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Design and Analysis

Ratcheting Studies on Type 304LN Stainless Steel Elbows subjected to Combined Internal Pressure and In-Plane Bending Moment

[+] Author and Article Information
S. Vishnuvardhan1

CSIR - Structural Engineering Research Centre, CSIR Campus, Taramani, Chennai 600 113, Indiasvvardhan@serc.res.in

G. Raghava, P. Gandhi, M. Saravanan, D. M. Pukazhendhi

CSIR - Structural Engineering Research Centre, CSIR Campus, Taramani, Chennai 600 113, India

Sumit Goyal, Suneel K. Gupta, Vivek Bhasin, K. K. Vaze

Reactor Safety Division, Bhabha Atomic Research Centre, Trombay, Mumbai 400 085, India

1

Corresponding author.

J. Pressure Vessel Technol 134(4), 041203 (Jul 17, 2012) (10 pages) doi:10.1115/1.4005886 History: Received April 01, 2011; Revised November 26, 2011; Online July 17, 2012; Published July 31, 2012

“Ratcheting” is a phenomenon which leads to reduction in fatigue life of a structural component by loss of ductility due to cycle by cycle accumulation of plastic strain. Ratcheting occurs in a structure subjected to a combination of steady/sustained and cyclic loads such that the material response is in inelastic region. Ratcheting studies were carried out on Type 304LN stainless steel elbows, subjected to steady internal pressure and cyclic bending. The elbows filled with water were pressurized between 27.6 MPa and 39.2 MPa. Cyclic bending load, under opening and closing moments, was applied on the elbows at ambient temperature. Number of cycles corresponding to occurrence of a through-wall crack was recorded. Crack was observed in the bent portion at one of the crown locations in all the four specimens. Maximum strain was observed at the intrados and crown locations of the elbows. The ratcheting strain increased with number of cycles at crown and intrados locations. However, the strain accumulation rate decreased with number of cycles. Strain was observed to be minimum at the extrados location and the same stabilized toward the end of the tests. The specimens have failed by occurrence of through-wall axial crack accompanied by simultaneous ballooning. The ballooning was found to be varying from 3.8% to 5.8% with respect to the original circumference in the bent portion. The reduction in thickness was found to be around 12%–15%.

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Copyright © 2012 by American Society of Mechanical Engineers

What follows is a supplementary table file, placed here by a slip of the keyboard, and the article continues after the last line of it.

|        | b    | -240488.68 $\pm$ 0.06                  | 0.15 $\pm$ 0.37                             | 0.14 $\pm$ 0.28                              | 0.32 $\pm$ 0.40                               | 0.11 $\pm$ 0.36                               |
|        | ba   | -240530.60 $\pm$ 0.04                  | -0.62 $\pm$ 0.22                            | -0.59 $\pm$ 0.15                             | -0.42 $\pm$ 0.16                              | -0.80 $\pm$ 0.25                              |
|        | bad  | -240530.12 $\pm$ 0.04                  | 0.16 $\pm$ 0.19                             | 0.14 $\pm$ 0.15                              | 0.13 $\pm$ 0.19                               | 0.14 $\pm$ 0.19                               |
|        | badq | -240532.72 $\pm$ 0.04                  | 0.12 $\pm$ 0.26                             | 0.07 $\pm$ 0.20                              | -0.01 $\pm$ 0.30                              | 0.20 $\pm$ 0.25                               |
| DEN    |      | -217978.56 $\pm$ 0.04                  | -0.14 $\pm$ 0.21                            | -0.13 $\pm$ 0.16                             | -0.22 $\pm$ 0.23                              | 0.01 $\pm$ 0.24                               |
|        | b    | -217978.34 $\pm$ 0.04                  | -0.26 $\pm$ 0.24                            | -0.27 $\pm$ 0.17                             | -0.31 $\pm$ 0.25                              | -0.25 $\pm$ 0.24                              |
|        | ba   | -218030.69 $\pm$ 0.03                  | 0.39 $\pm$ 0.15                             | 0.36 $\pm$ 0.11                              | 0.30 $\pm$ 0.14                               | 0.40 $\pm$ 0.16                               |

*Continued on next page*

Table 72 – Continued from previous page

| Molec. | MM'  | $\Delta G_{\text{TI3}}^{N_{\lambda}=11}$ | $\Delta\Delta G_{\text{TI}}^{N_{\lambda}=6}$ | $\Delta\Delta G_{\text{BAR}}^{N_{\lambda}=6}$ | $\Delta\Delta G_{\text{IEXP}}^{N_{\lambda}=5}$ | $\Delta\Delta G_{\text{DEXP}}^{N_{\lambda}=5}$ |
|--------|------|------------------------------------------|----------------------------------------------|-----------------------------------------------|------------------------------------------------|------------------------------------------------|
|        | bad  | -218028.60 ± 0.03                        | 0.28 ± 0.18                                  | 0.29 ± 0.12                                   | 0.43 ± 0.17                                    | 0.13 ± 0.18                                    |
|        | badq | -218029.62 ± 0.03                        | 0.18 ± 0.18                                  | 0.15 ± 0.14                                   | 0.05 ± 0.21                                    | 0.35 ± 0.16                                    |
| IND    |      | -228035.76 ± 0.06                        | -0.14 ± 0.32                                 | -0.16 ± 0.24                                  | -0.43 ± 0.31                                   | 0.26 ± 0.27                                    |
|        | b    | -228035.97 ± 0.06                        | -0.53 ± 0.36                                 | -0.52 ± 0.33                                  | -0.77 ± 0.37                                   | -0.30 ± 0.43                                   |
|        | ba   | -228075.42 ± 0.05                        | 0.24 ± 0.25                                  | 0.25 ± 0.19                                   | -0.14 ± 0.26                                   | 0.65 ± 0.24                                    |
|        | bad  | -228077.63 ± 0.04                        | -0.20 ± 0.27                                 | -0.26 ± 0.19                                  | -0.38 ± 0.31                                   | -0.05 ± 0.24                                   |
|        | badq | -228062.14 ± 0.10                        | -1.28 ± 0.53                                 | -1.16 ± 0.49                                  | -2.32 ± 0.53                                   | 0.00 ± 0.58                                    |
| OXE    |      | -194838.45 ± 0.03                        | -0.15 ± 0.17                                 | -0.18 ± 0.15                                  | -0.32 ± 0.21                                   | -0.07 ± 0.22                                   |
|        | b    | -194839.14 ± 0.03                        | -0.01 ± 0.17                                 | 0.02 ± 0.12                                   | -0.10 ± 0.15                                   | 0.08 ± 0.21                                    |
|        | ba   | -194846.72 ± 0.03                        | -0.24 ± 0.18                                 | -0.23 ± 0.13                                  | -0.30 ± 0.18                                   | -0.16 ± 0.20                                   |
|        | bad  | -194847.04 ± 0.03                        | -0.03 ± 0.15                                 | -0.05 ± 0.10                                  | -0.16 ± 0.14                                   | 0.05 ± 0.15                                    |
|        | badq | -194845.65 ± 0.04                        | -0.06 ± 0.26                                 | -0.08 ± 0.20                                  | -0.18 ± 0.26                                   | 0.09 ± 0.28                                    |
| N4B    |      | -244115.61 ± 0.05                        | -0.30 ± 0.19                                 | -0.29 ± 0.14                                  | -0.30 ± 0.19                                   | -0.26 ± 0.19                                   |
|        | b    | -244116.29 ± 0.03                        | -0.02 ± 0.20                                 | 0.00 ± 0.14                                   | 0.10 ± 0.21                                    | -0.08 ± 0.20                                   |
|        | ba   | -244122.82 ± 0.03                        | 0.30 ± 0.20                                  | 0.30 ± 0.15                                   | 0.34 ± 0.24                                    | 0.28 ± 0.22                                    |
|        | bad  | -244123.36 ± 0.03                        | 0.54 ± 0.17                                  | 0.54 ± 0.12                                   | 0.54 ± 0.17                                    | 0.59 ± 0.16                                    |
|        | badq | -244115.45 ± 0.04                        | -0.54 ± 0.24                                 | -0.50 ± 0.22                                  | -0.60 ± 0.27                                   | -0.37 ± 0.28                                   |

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References

Figures

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Figure 2

Details of axial and circumferential grid lines on elbows

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Figure 3

Variation of thickness in a typical elbow specimen QCE-RAT-6-L3

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Figure 4

Ratcheting test set-up arrangement

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Figure 5

Ratcheting test on an elbow

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Figure 6

Close-up view of strain gauge instrumentation

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Figure 7

Details of LVDT locations for ovality measurements during ratcheting test for the specimen QCE-RAT-6-L1

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Figure 8

Typical displacement time history during ratcheting test on QCE-RAT-6-L1

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Figure 9

Load versus load-line displacement hysteresis curves for QCE-RAT-6-L2

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Figure 10

Strain history for the specimen QCE-RAT-6-L1

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Figure 11

Strain history for the specimen QCE-RAT-6-L2

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Figure 12

Variation of ovality versus number of cycles during ratcheting test on the specimen QCE-RAT-6-L1

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Figure 13

Percentage increase in diameter versus number of cycles during ratcheting test on the specimen QCE-RAT-6-L1

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Figure 14

Appearance of through-wall crack indicated by a sharp water jet

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Figure 15

Percentage of ballooning versus number of cycles

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Figure 16

Close-up views of cracked portion

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Figure 1

Details of a typical elbow specimen QCE-RAT-6-L2

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